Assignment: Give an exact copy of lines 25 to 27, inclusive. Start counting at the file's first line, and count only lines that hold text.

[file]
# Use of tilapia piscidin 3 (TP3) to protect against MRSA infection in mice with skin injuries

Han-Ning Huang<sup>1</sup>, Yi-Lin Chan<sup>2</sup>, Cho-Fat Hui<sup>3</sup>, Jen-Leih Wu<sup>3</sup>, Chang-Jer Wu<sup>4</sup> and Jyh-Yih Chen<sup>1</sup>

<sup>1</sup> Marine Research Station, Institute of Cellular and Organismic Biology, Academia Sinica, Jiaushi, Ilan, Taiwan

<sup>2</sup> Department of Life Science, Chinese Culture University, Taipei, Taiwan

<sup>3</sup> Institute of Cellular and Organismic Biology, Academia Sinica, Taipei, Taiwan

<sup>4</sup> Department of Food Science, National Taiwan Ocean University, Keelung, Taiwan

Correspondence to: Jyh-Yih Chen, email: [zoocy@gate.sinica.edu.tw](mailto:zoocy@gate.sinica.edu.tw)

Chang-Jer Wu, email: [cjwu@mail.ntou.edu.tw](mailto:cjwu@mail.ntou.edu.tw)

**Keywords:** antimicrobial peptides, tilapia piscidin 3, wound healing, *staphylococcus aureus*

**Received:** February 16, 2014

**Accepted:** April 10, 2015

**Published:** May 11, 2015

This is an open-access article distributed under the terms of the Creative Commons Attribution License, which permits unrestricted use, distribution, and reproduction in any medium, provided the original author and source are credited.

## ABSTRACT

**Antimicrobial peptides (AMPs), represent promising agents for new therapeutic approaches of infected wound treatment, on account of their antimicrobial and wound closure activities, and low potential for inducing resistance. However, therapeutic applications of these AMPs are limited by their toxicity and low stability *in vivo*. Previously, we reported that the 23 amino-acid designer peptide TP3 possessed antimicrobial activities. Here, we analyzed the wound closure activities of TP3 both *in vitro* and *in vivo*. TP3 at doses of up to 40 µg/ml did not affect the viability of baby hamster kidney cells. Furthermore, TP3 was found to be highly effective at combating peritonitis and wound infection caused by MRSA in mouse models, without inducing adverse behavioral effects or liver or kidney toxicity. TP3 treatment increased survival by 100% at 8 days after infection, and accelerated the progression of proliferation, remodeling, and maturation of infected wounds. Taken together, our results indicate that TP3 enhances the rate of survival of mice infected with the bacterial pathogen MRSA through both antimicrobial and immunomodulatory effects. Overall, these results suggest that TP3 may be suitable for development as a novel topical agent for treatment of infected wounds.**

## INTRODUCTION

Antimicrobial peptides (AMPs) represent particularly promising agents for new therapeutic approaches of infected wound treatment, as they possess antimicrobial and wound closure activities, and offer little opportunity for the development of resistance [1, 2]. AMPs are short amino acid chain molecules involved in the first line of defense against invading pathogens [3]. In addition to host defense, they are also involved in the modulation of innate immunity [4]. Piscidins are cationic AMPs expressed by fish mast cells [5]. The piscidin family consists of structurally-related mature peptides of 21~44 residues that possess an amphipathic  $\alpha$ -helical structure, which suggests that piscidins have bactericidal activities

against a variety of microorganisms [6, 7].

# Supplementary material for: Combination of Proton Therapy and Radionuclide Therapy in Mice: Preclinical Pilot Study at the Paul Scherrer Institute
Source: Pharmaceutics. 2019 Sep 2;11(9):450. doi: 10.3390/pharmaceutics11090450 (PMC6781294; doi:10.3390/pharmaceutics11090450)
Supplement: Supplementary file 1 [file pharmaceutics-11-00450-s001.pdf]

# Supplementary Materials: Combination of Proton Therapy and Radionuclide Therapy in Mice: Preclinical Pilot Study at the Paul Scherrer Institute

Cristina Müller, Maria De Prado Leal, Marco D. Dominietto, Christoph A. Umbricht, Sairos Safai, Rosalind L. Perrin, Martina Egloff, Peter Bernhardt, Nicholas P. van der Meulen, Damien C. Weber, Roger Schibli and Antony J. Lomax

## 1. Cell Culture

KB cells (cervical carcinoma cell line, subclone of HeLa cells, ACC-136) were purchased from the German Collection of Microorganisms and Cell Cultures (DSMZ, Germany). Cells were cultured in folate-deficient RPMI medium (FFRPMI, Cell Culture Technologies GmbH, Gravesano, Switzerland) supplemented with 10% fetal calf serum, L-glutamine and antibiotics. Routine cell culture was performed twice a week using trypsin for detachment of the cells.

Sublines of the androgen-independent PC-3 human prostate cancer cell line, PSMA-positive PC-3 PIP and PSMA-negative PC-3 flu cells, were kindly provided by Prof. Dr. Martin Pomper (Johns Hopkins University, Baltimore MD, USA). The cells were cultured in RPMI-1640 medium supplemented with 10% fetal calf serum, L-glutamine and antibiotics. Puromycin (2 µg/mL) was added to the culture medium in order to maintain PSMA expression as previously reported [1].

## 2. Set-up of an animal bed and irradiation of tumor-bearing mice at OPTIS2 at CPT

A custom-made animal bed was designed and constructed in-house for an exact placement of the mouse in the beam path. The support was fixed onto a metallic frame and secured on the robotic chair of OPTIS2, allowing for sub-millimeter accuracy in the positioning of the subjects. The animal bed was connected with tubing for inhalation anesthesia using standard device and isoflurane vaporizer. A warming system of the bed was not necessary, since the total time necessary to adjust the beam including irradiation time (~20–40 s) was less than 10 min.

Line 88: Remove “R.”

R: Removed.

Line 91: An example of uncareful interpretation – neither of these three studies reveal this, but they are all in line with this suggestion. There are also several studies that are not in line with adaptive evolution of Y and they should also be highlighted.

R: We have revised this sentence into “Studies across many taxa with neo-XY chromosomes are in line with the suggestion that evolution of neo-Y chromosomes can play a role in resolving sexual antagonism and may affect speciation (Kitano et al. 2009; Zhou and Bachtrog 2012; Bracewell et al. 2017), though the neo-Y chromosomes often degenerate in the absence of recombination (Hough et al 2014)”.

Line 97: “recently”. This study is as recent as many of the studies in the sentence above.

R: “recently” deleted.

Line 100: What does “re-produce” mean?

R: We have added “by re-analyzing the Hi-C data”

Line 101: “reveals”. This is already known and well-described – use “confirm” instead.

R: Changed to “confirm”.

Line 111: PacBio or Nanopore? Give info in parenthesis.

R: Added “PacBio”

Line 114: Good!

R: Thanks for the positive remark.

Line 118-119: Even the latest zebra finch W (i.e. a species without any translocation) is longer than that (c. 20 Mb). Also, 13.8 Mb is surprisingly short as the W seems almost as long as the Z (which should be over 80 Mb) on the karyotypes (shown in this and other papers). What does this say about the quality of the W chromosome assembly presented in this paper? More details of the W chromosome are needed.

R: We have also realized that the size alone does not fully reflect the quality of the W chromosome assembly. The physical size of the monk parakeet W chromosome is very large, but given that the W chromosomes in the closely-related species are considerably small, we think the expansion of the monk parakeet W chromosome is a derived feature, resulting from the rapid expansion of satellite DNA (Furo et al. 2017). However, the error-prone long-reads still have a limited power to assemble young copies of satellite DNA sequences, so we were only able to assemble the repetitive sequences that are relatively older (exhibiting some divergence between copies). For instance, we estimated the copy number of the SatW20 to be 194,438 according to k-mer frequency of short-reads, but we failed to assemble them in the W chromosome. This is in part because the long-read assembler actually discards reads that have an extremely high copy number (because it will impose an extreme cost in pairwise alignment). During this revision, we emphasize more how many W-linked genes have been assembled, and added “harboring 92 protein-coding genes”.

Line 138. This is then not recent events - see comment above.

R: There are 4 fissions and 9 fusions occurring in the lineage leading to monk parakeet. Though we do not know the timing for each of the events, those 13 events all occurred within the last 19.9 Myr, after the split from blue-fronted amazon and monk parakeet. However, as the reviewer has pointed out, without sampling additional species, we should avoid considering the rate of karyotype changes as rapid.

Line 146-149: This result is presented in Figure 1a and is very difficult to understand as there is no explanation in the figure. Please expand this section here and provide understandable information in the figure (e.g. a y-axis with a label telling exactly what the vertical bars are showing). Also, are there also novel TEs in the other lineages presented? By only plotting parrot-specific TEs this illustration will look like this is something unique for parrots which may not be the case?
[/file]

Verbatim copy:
KB cells (cervical carcinoma cell line, subclone of HeLa cells, ACC-136) were purchased from the German Collection of Microorganisms and Cell Cultures (DSMZ, Germany). Cells were cultured in folate-deficient RPMI medium (FFRPMI, Cell Culture Technologies GmbH, Gravesano, Switzerland) supplemented with 10% fetal calf serum, L-glutamine and antibiotics. Routine cell culture was performed twice a week using trypsin for detachment of the cells.

Sublines of the androgen-independent PC-3 human prostate cancer cell line, PSMA-positive PC-3 PIP and PSMA-negative PC-3 flu cells, were kindly provided by Prof. Dr. Martin Pomper (Johns Hopkins University, Baltimore MD, USA). The cells were cultured in RPMI-1640 medium supplemented with 10% fetal calf serum, L-glutamine and antibiotics. Puromycin (2 µg/mL) was added to the culture medium in order to maintain PSMA expression as previously reported [1].

## 2. Set-up of an animal bed and irradiation of tumor-bearing mice at OPTIS2 at CPT